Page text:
Up until now, Barack Obama's record on guns has been one of the biggest disappointments for his liberal supporters. In his first term he signed two laws on guns, one allowing people to take their guns into national parks, and one allowing people to take their guns on Amtrak trains. But now there are some hints that the administration may be open to some modest measures to reduce the easy availability of some of the deadliest means of killing large numbers of people at one time. In particular, we could see a renewal of some version of the assault weapons ban that was in place from 1994 to 2004. That law used a somewhat complicated flow chart of features to define an assault weapon, and also banned magazines that held more than ten rounds. A ban on high-capacity magazines may be the easiest thing to pass today, because it's not hard to define and they are almost impossible to justify for any purpose other than killing people.
The easy argument against any new law, and one we'll certainly be hearing, is "That wouldn't have stopped Adam Lanza." And that's probably true. If someone is determined enough and takes enough time to plan, they can kill lots and lots of people. But the point of our policy shouldn't be solely to make sure that nobody ever shoots up a school again, it should be to reduce the appalling death toll that guns bring to our society. If the horror of 20 murdered children in Connecticut is the thing that leads us to finally attempt to do something about the 30,000 Americans who are killed with guns every year, then it will be fine if the next set of policies isn't focused on preventing precisely that kind of massacre.
We'll only do something meaningful if we think in the broadest of terms. In other countries, events like the one we just had have led to far-reaching policy changes (for instance, here is an account of what happened after a 1996 mass shooting in Australia). But that's in large part because a mass shooting in those places was a once-in-a-generation event, so shocking that politicians couldn't avoid action. Here in America, we have a mass shooting every few weeks.
But this is the best opportunity we've had in a long time to address the pathology of our gun culture, which grows more pathological all the time. As I've noted before, the number of people owning guns is on a steady long-term decline, yet gun sales haven't gone down at all. Gun culture has become increasingly paranoid and hostile to the majority of Americans who don't own guns, and the amassing of larger and more deadly arsenals is now the gun industry's business plan and marketing strategy. When the rest of us look at gun owners we see not the responsible adults who have a hunting rifle they treat with the gravity a deadly weapon deserves, but a different kind of person. We see the middle-aged fantasist, as consumed with an imaginary world as any sci-fi fan dressed in a Star Fleet uniform at Comic-Con. He's gleeful at getting his concealed-carry permit, and can't wait to bring his gun into the supermarket just in case a robbery goes down and he finally gets the chance to become the hero he so desperately wants to be. When he goes to the range, every round he fires is like a shot of testosterone, assuring him that no matter what happened at work that day, he's a man, and a man with power. He gets his NRA magazine and reads about how jackbooted government thugs are coming for him any day now, and he buys another gun, then another, then a few more. He thinks the people stockpiling canned food for the apocalypse are a little extreme, but he knows where they're coming from, and he's done some thinking about what he'd do if the government collapsed and he had to defend his home. He's ready.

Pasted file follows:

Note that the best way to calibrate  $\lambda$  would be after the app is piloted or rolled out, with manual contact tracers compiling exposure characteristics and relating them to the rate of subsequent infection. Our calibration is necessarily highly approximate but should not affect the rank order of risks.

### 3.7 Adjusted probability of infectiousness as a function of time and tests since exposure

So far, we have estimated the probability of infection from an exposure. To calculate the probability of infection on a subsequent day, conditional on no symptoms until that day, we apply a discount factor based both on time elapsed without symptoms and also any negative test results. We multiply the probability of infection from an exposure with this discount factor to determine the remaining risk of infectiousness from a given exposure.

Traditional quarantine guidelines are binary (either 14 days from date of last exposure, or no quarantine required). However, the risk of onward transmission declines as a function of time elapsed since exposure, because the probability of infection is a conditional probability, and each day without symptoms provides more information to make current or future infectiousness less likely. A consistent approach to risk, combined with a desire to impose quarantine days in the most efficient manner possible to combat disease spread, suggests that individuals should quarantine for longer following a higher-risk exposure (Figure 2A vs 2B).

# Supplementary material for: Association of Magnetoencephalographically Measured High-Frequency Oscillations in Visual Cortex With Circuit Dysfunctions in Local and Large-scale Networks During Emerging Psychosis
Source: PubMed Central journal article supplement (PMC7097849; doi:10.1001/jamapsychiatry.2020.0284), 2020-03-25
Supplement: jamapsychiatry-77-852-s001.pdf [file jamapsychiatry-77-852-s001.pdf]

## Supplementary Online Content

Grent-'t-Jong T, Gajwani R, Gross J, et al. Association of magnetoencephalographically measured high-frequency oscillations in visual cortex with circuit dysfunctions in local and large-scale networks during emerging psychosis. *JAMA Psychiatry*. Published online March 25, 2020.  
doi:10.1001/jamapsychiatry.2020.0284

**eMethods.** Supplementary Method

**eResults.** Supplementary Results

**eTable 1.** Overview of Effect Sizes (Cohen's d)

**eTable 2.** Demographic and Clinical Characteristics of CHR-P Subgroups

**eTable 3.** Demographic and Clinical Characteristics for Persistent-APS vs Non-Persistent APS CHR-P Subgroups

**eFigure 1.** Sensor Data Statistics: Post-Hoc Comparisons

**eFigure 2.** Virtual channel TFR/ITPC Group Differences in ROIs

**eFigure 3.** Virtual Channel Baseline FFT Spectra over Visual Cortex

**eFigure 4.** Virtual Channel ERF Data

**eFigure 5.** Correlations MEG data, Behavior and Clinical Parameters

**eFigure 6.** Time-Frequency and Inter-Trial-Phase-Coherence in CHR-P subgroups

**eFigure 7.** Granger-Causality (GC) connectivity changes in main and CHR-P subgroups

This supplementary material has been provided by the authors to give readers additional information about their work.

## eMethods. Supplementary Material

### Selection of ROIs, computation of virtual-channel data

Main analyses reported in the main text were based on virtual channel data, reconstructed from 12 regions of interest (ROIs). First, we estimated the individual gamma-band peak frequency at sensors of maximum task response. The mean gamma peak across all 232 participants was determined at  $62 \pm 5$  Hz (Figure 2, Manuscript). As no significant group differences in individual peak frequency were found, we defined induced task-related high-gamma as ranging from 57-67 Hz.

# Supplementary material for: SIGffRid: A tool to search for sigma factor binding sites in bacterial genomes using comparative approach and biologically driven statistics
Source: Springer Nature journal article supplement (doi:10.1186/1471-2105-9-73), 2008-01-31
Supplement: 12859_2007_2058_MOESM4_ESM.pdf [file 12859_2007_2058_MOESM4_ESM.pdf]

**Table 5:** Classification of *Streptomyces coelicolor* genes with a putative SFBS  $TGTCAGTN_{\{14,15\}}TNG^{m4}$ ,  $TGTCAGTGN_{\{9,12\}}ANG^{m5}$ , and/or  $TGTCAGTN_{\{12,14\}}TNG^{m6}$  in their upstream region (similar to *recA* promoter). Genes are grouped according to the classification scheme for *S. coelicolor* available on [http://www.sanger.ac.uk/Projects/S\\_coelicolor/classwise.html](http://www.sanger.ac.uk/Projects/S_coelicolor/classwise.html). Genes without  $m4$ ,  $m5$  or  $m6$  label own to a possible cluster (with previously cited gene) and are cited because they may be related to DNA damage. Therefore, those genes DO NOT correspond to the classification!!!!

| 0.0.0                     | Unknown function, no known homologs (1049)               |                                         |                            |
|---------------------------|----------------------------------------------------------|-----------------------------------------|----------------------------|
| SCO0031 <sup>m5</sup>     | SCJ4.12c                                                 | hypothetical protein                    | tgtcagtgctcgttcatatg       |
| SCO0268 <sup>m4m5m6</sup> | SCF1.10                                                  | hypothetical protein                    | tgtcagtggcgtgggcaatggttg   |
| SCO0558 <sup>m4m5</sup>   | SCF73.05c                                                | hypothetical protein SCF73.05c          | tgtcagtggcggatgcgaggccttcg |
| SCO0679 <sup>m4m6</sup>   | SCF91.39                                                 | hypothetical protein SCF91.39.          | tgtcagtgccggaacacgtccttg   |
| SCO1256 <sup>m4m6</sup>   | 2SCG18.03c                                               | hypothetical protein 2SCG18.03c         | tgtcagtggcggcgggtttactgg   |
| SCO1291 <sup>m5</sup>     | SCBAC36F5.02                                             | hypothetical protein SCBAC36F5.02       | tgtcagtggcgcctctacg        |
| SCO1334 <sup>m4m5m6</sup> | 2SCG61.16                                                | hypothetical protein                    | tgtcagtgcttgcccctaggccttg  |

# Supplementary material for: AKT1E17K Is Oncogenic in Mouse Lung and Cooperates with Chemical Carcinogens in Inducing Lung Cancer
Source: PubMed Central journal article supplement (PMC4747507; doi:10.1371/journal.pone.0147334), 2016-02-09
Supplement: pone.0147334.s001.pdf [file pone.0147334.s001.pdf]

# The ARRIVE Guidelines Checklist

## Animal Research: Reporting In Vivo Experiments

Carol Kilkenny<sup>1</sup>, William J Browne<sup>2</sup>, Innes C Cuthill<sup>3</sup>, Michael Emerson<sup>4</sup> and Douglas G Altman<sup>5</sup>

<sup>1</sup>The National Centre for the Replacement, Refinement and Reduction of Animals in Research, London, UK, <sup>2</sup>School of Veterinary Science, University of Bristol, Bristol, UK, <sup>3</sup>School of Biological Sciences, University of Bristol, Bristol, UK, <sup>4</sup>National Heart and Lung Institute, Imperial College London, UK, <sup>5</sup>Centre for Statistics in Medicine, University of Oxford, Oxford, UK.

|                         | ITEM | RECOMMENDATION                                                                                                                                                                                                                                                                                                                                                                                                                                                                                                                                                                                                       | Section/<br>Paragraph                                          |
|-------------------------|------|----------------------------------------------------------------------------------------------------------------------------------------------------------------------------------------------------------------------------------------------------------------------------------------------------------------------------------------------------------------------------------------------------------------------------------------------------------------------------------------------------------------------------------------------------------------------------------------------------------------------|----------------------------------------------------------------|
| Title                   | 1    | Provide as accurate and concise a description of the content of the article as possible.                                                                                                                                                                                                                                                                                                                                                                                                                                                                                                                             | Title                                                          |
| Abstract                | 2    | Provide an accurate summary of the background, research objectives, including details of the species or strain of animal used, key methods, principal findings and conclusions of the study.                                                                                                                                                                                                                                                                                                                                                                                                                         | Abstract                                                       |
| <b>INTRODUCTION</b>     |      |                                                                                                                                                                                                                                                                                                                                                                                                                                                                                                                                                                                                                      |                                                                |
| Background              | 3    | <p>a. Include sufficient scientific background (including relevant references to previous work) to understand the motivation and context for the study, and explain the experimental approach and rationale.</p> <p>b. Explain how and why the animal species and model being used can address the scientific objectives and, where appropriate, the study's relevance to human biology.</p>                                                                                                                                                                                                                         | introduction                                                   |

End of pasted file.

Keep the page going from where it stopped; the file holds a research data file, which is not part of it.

It is this man, gripped by his fantasies both personal and political, who has come to define America's gun culture and our government's policies, even if he isn't what most gun owners are like. A couple of modest policy changes won't rein in his fevered imagination, but perhaps as part of this debate we can ask why he's the one who gets to define our culture and our laws.
So no, something like a ban on high-capacity magazines won't make us all safe. But it's a start, and if nothing else we can begin to pull back from the place we've come to, where it's easier to get yourself a dozen military-style assault rifles than to get a license to drive a car. We don't have to accept that there are just too many guns, and the way things are is the way things will always be. The gun advocates certainly didn't; they remade the laws to be the way they wanted them to be. Those who want a saner culture and a saner set of laws can work to bring the country to that place. It won't be easy, but maybe the awful event in Newtown will be the spur to start us down that road.
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